I have read that Nitrates are bad and should be avoided, but then in this thread Ellendra raises some interesting information that I hadn't heard. What do people think about using nitrates in food preservation?
I've made and eaten nitrate-free cured pork many times.
I stick with traditional methods that pre-date nitrates to know that they're safe. Whenever a recipe tester for my book asked if they could make my cured meat recipes with a meat other than pork, I always recommended to search around to see if that meat is traditionally preserved in that way or not. Some meats have a long history of nitrate-free preservation, and specific methods that are used for this, other meats might be more of an experiment.
I've also eaten nitrate-free bacon and ham prepared by a butcher in his usual way, just without the nitrates. There wasn't any celery juice or other nitrate source added, but they were both hot smoked, so that might impact the safety of it, as well as how long it will keep for.
I think there is a LOT of misdirected blame directed at nitrates. As said, there are a LOT more nitrates in leafy greens. I think the health issues they found in people that ate a lot of processed meat came from the other issues with the meat and diet: the poor quality of the animal's diet and life, the other preservatives and processes that removed or bound more nutrition, and the sugar laden diet of the people in the study.
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From what I've read, it's not nitrates per se that are the issue. It's the combination of nitrates and red meat that raise health concerns.
Some might argue that food safety in the short term is also important for public health, and there is merit in that. From a personal point of view, I am limiting my intake of processed meats anyway, reducing the long-term risk.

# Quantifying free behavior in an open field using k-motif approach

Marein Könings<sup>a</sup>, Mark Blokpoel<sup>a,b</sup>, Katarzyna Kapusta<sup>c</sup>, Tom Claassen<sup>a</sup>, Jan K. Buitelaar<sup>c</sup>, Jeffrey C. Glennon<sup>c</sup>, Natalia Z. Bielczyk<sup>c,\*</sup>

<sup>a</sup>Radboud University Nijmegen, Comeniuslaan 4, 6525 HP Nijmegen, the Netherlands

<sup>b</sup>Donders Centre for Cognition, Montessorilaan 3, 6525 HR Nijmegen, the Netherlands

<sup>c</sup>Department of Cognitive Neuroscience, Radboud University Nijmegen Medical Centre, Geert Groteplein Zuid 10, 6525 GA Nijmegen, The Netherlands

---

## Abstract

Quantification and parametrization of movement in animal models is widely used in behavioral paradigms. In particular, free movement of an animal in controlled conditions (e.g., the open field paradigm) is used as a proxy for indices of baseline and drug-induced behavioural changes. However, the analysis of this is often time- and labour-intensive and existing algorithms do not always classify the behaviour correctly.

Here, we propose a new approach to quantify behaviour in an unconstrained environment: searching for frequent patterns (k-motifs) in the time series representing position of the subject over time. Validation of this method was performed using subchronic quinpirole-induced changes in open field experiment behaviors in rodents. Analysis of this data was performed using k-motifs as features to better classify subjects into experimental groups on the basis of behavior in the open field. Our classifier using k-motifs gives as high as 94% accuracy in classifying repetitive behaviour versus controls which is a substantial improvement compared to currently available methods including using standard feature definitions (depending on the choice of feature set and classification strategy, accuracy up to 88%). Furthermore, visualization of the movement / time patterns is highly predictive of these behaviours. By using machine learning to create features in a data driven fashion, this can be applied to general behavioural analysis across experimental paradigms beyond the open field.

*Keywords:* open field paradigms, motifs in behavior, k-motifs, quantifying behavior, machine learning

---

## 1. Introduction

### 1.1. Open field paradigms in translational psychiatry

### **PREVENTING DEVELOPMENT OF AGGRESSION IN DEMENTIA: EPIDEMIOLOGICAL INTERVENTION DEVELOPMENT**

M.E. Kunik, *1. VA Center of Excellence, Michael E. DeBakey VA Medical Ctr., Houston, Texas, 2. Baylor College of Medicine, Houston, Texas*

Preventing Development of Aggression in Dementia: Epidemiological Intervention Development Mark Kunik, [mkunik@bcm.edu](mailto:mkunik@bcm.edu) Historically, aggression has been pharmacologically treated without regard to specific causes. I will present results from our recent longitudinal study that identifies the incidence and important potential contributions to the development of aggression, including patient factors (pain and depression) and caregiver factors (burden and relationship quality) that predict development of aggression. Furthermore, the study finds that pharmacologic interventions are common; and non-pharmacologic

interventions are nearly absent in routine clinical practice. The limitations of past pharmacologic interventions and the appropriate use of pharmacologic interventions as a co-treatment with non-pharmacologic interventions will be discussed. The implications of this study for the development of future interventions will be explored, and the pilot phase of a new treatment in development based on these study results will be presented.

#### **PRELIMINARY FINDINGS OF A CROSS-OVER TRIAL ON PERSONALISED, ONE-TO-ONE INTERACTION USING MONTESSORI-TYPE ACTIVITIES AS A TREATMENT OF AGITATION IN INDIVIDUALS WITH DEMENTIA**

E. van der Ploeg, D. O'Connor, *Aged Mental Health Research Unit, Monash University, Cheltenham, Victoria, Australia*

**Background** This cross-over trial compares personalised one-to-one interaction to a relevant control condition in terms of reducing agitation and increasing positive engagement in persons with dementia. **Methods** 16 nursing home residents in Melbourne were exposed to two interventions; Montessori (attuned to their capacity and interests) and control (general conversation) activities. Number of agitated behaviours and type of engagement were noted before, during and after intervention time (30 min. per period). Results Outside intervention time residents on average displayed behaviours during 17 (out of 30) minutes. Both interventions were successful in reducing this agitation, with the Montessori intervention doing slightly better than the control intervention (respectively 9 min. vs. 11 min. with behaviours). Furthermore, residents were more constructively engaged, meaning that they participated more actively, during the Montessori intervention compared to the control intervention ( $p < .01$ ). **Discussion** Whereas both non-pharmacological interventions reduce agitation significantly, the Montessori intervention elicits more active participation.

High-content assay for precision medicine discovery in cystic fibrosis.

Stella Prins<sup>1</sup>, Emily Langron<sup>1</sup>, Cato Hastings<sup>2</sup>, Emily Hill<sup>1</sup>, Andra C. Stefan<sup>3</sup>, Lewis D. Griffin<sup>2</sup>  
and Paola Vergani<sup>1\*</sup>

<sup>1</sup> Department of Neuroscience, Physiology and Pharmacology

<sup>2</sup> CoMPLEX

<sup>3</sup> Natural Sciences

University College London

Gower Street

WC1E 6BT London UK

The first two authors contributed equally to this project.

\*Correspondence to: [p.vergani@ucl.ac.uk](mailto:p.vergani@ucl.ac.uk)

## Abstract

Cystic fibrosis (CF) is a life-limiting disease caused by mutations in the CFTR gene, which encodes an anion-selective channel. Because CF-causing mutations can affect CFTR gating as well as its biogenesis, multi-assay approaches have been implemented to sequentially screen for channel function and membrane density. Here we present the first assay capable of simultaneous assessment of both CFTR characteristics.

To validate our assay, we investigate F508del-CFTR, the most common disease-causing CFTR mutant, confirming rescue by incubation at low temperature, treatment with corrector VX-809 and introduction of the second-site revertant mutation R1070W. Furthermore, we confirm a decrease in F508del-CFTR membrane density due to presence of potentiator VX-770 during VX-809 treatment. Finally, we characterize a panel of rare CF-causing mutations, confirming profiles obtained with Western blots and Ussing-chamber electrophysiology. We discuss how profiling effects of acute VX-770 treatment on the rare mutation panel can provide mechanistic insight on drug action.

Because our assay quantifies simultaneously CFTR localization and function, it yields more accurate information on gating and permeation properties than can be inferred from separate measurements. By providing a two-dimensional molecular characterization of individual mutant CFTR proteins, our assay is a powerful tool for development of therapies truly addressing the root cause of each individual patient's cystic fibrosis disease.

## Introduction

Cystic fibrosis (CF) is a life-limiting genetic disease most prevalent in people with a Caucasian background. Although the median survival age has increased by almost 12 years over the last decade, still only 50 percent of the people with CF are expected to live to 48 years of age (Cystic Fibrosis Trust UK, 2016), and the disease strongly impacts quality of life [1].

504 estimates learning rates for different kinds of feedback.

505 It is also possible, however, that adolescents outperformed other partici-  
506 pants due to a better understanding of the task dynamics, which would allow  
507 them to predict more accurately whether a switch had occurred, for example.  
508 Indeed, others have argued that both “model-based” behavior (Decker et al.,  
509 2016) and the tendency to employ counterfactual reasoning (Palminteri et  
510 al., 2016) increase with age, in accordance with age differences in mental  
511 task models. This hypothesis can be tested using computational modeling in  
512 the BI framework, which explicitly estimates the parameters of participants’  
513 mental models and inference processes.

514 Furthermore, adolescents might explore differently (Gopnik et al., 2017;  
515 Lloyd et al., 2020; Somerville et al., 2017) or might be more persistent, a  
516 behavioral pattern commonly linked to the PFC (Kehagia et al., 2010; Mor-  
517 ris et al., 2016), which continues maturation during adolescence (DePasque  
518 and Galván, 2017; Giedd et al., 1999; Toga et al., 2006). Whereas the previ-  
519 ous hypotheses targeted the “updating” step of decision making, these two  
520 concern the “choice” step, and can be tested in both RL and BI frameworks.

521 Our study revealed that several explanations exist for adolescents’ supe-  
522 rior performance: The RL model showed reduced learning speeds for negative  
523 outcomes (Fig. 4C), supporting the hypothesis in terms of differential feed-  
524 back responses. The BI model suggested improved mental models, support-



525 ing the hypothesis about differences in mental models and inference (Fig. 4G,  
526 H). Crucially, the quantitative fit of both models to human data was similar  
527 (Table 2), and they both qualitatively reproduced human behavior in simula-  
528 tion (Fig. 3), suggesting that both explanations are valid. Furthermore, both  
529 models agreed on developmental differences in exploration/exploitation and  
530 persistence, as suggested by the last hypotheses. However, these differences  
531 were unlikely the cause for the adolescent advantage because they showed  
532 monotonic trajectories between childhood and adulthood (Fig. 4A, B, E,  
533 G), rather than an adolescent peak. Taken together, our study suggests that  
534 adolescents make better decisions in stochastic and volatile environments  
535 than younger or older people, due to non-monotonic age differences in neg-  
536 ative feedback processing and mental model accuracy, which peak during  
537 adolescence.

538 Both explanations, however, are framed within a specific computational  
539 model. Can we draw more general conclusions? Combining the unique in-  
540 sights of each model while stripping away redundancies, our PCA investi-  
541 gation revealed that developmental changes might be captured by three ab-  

Note that nitrates are not absolutely necessary for mass produced products. I recently purchased some nitrate-free pepperoni from Costco that was stable at room temperature in the sealed package. (I use it as a condiment, not a staple.) So, there are other processes that are valid for preservation.
Douglas Alpenstock wrote:From what I've read, it's not nitrates per se that are the issue. It's the combination of nitrates and red meat that raise health concerns.
This is close to my understanding as well. Nitrates convert to nitrites. Nitrites, when our body converts then to nitric oxide, are super healthy. Nitrites can also convert to nitrosamines, though. Nitrosamines are carcinogenic. What prevents nitrites from converting to nitrosamines are various phytonutrients, some of which are found in all plants. So if the nitrites are in plants, you're good, great! If the nitrites get added to meat, there are no phytonutrients to prevent the conversion to nitrosamines, so that's what happens. When you eat the meat, you're not even eating nitrites, but already converted nitrosamines.
Jan White wrote:What prevents nitrites from converting to nitrosamines are various phytonutrients, some of which are found in all plants. So if the nitrites are in plants, you're good, great! If the nitrites get added to meat, there are no phytonutrients to prevent the conversion to nitrosamines, so that's what happens.
Because there's a synergistic relationship amongst components in a natural system, in this case plants which contain naturally occurring nitrates. When nitrates are isolated and used as additives in meat preservation, the balance of that synergy isn't there.
So my personal take on the answer James's question is that the wiser course would probably be to omit them in the preservation process.